On July 5, 1861, as Missouri governor Claiborne Jackson — a secessionist sympathizer who also happened to be the head of the state's militia — was retreating south from Jefferson City toward Confederate territory, a group of German volunteers from St. Louis cut him off at Carthage and engaged him in a daylong gunfight. Neither side admitted defeat, but owing to exploits such as this, St. Louis' ragtag contingent of German volunteers would later be credited with saving Missouri for the Union.
Though it was burned to the ground during the war, Carthage was rebuilt in the space of three years and became known far and wide for the elegant Victorian houses commissioned by lead and zinc mining tycoons based in Joplin. In 1895 Jasper County's majestic courthouse, which featured locally quarried limestone, was erected smack in the middle of the town square. A Romanesque wonder, the edifice now does double duty as a repository for Carthage's historic artifacts, including Civil War memorabilia, massive bronzed cannons and a wrought-iron elevator operated by a silver-haired man named Larry who has a habit of whistling and jingling the keys in his pocket.
But there's a less genteel side to Carthage these days, as well. In the neighborhoods north and east of the courthouse, out of sight of the old-money establishment, residents are darker-skinned and speak a foreign language. Since 2000, the city's Latino community has nearly doubled in size, to the point where Hispanics now comprise 25 percent of Carthage's population. Most are from Guatemala; many hail from the same village. A large number entered the U.S. without authorization and now toil in the region's many factories and poultry plants.
The cultural divide is impossible to overlook, but no one here knows how best to address it.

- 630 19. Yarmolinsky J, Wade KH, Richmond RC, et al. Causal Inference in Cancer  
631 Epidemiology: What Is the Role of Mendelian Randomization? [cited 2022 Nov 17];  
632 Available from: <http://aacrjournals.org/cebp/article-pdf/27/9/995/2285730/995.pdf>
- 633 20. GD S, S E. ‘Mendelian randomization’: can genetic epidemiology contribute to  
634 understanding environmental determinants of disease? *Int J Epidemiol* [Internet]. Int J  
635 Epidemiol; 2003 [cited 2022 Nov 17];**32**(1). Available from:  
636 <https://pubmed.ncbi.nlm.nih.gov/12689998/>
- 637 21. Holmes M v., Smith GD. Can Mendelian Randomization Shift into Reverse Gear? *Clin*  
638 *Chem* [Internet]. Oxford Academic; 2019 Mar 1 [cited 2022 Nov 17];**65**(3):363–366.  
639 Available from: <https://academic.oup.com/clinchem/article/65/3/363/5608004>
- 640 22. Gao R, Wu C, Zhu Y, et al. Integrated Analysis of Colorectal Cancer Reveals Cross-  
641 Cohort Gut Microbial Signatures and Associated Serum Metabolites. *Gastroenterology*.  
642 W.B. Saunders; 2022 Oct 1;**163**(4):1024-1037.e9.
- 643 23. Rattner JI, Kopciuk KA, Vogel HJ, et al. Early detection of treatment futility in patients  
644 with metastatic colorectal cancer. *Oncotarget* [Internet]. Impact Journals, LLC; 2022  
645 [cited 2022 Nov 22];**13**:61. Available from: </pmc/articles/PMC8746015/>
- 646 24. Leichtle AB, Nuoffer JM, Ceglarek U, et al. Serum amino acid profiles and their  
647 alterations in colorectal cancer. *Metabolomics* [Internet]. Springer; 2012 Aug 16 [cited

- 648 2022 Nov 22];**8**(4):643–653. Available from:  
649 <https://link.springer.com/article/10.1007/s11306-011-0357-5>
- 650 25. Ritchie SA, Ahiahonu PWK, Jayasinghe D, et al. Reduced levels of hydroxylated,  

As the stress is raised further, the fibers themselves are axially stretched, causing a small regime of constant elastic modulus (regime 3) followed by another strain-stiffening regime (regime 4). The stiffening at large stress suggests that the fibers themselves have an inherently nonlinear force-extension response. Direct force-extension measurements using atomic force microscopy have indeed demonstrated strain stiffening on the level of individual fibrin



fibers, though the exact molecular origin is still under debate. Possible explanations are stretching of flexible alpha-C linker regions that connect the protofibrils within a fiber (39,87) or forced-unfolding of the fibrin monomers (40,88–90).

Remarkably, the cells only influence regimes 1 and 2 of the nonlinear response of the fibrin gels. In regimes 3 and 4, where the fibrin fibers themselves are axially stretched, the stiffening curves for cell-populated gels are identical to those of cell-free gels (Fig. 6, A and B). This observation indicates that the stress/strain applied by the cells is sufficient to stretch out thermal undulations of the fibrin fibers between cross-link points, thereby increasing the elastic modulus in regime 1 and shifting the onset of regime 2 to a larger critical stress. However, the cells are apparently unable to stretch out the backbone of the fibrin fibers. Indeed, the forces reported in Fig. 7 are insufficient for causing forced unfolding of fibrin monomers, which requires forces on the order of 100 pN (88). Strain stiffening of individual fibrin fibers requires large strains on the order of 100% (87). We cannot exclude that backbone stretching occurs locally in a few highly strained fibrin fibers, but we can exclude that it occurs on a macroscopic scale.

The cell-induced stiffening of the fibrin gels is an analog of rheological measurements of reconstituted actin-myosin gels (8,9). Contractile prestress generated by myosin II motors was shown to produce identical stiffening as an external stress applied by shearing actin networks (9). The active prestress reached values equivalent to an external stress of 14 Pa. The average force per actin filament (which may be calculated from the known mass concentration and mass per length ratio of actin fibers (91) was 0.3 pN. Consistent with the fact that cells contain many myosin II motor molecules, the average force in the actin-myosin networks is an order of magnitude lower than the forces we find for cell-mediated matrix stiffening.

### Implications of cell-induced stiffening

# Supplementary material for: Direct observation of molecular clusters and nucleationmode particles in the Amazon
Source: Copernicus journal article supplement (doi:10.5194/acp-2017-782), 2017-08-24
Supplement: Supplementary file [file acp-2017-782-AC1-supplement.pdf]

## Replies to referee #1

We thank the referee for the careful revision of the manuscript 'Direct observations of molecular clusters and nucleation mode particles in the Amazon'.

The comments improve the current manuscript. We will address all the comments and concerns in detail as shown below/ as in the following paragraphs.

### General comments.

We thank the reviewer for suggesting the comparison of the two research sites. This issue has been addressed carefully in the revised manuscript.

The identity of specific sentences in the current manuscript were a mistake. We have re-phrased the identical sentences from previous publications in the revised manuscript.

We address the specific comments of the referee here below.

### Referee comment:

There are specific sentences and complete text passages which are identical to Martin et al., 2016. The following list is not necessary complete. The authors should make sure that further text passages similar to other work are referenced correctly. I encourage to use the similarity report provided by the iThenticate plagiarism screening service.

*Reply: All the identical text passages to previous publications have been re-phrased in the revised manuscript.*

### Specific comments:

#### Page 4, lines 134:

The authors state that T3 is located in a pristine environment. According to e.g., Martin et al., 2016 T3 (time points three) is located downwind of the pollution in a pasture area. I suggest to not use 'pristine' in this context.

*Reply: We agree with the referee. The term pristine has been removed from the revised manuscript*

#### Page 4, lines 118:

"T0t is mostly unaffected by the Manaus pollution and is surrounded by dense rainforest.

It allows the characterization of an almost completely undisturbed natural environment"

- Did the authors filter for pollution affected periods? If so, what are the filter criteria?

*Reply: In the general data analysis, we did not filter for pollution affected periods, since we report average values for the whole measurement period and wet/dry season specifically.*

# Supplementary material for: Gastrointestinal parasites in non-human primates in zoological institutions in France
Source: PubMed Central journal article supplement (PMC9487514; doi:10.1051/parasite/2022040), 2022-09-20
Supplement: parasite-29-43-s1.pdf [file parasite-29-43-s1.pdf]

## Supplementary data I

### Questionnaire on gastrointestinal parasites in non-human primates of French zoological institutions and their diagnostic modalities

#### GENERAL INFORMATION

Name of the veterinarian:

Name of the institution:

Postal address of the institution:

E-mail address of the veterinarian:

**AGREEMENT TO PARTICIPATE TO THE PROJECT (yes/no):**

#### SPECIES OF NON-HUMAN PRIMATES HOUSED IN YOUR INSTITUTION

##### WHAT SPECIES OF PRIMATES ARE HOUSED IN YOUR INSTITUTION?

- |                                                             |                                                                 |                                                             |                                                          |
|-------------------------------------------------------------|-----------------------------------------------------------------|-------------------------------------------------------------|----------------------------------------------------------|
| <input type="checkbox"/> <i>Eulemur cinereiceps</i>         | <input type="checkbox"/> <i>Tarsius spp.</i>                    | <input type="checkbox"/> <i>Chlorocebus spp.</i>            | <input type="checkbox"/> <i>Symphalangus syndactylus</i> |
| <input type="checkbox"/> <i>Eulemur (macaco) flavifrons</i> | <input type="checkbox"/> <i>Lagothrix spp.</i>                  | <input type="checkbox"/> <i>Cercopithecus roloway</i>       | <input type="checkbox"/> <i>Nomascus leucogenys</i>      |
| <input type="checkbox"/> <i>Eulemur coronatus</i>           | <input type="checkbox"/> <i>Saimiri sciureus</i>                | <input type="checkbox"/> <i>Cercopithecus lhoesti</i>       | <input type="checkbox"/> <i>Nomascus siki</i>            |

"The topics of many city meetings are about how to integrate the two communities," says John Hacker, managing editor of the town's daily newspaper, the Carthage Press. "But there are people on the Anglo side who inevitably say that a lot of the Hispanics are illegals who need to learn English — and that's when the conversation just stops."
Though most townspeople will tell you the two communities coexist peacefully, some aren't so sure.
"It's as bad as the civil-rights movement, if not worse," opines one resident, who asks that his name not be published. "Blacks got more respect and dignity than the Spanish do here. And these immigrants are such good people. They just have no knowledge of Western civilization. And the white people treat them like fucking garbage."
Then there are those who see it the other way around — a contingent that isn't limited to Anglos. "Our people are very unfair," contends Francisco Bonilla, leader of the flock at the Iglesia Cristiana Hispanoamericana, the evangelical church where the Velazcos are members. "They take advantage of the whites. I point the finger at them because they're wrong to be here illegally. They're wrong to abuse their kids. They're wrong to drink alcohol and drive without a license."
Bonilla says that while he does not forbid undocumented immigrants to worship with his congregation, "I don't welcome them. We're not about friendship."
Seth and Melinda Moser acknowledge Carthage's ethnic tensions. Though they declined to be interviewed for this story, their attorney, Joe Hensley, says the couple sought to adopt a Latino baby, because they perceived that need in Carthage.
"Melinda and Seth are wonderful parents," affirms a friend, Bess Lanyon. "They're deeply loving people, which explains why they came to adopt Carlos in the first place."
There was another factor in play: Melinda Moser is an adoptee herself.
"She has always been so thankful for the loving home her parents gave her," says Lanyon, daughter of the pastor who heads the church the Mosers attend. "And she talked about extending that love and making a home for someone else."
On your own computer monitor, you can pull up an image of Jamison Moser, clad in a gray sweatshirt, sporting a spiky mop of thick black hair and his birth mother's big dark eyes, smiling out toward some unspecified source of amusement or affection.
He seems happy.
Melinda Moser's brother created this website, "In the Interest of Jamison," to solicit donations to cover legal expenses and provide their perspective on an adoption case the family's supporters contend has been distorted by the media.
After Judge Dally approved the Mosers' adoption petition, Encarnación Bail complained to prison officials in West Virginia, who contacted the Guatemalan Embassy in Washington.
"They called the embassy to let us know about a Guatemalan woman who seemed to be desperate about a situation," recounts Ambassador Francisco Villagrán de León, who would subsequently meet with Bail on at least two occasions and champion her cause.